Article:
It’s bad enough that Buzz always made comments about the aliens wanting to fatten us up for meals. It was worse that the morgue reminded me of a commercial kitchen with the stainless steel door on the cooler and all the stainless shelving and equipment.
“Won’t take long,” the sheriff said as he walked me down the corridor and through the swinging door to the place where they housed the recently departed for processing. “This is the tough part.”
“Yeah,” I said. “Poor Buzz. He didn’t deserve to die early.”
I didn’t mean for that to come out as an accusation, and I hoped it didn’t sound that way because it might signal that I knew more about what happened a few hours earlier than I was letting on. No such luck, as usual.
“What’s that supposed to mean?” Maynard said, and I cussed myself good.
“Nothing. He just didn’t seem that ready to die yet.”
“Who is?” Belloc mused.
“You’re sure you don’t more than you’re saying about why Buzz was down by the train station this morning?” Maynard pressed.
“If I knew, I’d tell you,” I lied. Maybe they knew I was lying. I was starting not to care, but I knew enough not to show that particular attitude. I was feeling tired and scared and sad and angry. I figured tired and sad were the only of those emotions that were safe to show.
The sheriff and his man directed my attention to a stainless steel table with a man-sized something under a sheet.
“You reckon you’re ready for this, Hank?” Belloc asked more gently than I’d ever heard him.
“I’m too confused to do much reckoning,” I said. “But as they say in the movies, let’s get this over with.”
He lifted the sheet and there was Buzz. I almost didn’t recognize him with his eyes closed and not smiling. It was just then I realized how much of Buzz was what he did with his eyes, how they winked and lit up and cast a sly glance or a worried warning. He was a good guy and a good friend, and it didn’t make sense to see him so still. I stared a long time waiting for him to breathe.
A thought occurred to me.
“Buzz has a vertical scar down the middle of his chest, from the surgery six or seven years ago,” I said. “If you need a more positive ID, we could check for that. It’s kind of distinctive because there’s a red spot at the bottom where it didn’t quite heal right.”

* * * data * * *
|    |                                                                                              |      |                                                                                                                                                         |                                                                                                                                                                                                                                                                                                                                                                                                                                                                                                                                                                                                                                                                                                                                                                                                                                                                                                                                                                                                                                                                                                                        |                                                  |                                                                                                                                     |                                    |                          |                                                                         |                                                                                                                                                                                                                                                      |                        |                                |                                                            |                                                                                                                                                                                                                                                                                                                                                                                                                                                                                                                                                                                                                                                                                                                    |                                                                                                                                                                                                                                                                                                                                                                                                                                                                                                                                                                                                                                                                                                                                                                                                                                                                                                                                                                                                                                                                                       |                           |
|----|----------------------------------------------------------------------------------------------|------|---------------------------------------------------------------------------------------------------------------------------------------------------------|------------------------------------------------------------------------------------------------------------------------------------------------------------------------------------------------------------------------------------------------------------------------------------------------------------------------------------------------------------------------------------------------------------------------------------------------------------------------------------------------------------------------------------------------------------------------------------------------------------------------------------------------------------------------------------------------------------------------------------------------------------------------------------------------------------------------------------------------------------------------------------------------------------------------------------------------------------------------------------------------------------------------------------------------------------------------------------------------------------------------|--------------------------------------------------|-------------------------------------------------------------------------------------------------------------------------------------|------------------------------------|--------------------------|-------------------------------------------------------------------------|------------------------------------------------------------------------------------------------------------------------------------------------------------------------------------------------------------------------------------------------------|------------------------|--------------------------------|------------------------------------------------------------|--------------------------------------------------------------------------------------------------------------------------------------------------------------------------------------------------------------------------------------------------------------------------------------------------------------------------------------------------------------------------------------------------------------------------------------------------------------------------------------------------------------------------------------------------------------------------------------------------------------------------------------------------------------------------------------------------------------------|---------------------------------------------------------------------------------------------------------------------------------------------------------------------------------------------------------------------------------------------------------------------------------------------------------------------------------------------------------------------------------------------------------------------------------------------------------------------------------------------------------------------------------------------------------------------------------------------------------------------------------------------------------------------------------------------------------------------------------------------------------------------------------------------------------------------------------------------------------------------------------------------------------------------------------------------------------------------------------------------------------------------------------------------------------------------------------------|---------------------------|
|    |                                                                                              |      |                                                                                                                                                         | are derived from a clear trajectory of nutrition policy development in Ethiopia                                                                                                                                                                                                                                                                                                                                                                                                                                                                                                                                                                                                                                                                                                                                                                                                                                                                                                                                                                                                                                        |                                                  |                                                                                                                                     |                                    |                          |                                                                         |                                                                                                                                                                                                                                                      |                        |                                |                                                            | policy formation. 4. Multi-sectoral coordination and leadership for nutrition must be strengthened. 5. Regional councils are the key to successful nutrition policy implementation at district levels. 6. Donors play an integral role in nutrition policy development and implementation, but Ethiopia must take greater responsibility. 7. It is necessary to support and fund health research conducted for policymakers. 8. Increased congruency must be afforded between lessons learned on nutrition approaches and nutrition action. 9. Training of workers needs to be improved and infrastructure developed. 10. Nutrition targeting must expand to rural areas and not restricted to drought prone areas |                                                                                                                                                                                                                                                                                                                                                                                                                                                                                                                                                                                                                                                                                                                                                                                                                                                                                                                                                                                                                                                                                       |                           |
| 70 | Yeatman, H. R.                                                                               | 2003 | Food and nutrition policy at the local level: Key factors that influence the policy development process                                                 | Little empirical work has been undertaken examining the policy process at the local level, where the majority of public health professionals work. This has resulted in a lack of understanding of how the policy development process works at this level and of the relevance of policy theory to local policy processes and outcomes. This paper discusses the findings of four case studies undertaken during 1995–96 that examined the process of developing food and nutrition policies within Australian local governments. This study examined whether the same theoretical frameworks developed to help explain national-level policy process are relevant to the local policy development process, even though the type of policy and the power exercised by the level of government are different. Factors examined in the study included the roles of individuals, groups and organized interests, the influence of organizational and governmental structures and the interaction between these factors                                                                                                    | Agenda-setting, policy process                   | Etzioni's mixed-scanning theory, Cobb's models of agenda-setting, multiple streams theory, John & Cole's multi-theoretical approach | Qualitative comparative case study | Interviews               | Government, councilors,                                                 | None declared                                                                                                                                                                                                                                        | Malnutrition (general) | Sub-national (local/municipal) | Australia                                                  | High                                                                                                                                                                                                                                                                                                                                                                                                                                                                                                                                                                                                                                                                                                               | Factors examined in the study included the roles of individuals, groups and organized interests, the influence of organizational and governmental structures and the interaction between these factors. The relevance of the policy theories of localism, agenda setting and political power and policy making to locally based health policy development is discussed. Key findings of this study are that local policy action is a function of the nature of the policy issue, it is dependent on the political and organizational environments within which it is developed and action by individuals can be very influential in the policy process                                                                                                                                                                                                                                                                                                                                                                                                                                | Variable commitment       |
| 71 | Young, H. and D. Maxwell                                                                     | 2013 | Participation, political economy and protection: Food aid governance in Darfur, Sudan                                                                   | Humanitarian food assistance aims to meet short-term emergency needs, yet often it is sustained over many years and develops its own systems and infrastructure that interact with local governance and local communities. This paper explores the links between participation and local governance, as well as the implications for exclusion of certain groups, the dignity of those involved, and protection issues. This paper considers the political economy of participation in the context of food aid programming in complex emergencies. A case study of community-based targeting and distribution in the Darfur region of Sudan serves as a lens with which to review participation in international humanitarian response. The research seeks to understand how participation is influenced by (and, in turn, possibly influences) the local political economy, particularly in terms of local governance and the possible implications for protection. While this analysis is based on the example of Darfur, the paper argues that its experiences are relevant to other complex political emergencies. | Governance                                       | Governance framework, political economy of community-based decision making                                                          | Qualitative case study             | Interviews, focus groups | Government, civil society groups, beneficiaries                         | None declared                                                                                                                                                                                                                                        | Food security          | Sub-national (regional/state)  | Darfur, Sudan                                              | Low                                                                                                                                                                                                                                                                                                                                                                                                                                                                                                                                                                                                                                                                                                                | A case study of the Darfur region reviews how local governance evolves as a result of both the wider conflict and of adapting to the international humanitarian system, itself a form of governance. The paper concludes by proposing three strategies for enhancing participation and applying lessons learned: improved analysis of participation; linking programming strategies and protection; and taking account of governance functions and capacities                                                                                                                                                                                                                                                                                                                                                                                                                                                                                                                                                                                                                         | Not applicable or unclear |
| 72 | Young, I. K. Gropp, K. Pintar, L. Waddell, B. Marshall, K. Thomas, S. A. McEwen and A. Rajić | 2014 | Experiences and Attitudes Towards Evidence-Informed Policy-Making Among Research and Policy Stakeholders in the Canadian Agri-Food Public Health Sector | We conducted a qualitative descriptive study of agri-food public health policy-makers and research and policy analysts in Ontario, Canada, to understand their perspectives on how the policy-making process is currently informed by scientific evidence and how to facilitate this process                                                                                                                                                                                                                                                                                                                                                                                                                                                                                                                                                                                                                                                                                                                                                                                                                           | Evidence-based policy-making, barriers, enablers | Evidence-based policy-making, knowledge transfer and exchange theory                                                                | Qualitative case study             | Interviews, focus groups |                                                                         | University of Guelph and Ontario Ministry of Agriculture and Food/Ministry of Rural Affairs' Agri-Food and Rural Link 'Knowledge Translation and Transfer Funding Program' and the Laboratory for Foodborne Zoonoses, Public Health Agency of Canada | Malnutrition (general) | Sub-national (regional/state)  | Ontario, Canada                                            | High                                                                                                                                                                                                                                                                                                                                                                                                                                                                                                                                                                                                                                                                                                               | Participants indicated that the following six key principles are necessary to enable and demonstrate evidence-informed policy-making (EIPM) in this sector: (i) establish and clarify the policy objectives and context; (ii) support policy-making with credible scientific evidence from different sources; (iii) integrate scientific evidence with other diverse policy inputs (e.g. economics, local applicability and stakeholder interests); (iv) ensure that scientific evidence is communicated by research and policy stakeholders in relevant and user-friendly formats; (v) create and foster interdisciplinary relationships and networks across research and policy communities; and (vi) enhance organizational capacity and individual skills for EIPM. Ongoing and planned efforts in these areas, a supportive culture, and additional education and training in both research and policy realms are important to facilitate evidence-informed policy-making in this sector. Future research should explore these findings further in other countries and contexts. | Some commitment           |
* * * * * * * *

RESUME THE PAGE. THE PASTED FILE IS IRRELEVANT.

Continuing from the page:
Why I would say that, I wasn’t sure. Something in me made me want to tell them I knew Buzz didn’t have any damn heart attack. I knew they’d never open his shirt in front of me to reveal the gaping hole where the scar used to be.
“Couldn’t hurt to look,” Maynard said, pulling the shirt farther down.
“No, that’s fine,” I said, suddenly more scared. “This is Buzz, no question.”
“A surgical scar would sure eliminate any doubts,” Belloc said.
Maynard dropped the sheet down to Buzz’s navel.
“Yep,” the sheriff said. “There’s the scar.”
The white scar followed Buzz’s sternum down the middle same as always, complete with the little red bulb at the bottom. I don’t know what was more insane, seeing him blasted in the dark of night with a ray gun or seeing him put back together like nothing happened except that he died. I focused as hard as I could on being sad and tired so they couldn’t see that I was shocked and scared and starting to ease toward hysterical terror.
“Oh man, Buzz,” I said, realizing suddenly that I could parlay all the crazy feelings into looking like grief.
“You gonna be OK, Hank?” Francis Belloc asked kindly.
As OK as a guy could be after you put a hole through my buddy’s chest big enough to drive a train through it, then patched him up and erased all the evidence of violence, as if that’s even possible, I wanted to shout and scream and get the hell away from him.
“Yeah,” I said instead.
“We still have some questions, but they can wait,” the sheriff said. “You go home and get some rest. But don’t leave the area until we shake this out, if you don’t mind.”
“Yeah,” I said again. “Wait. What? Don’t leave town?”
“Standard procedure,” Maynard said. “No worries.”
“Yeah,” I said. “No worries.”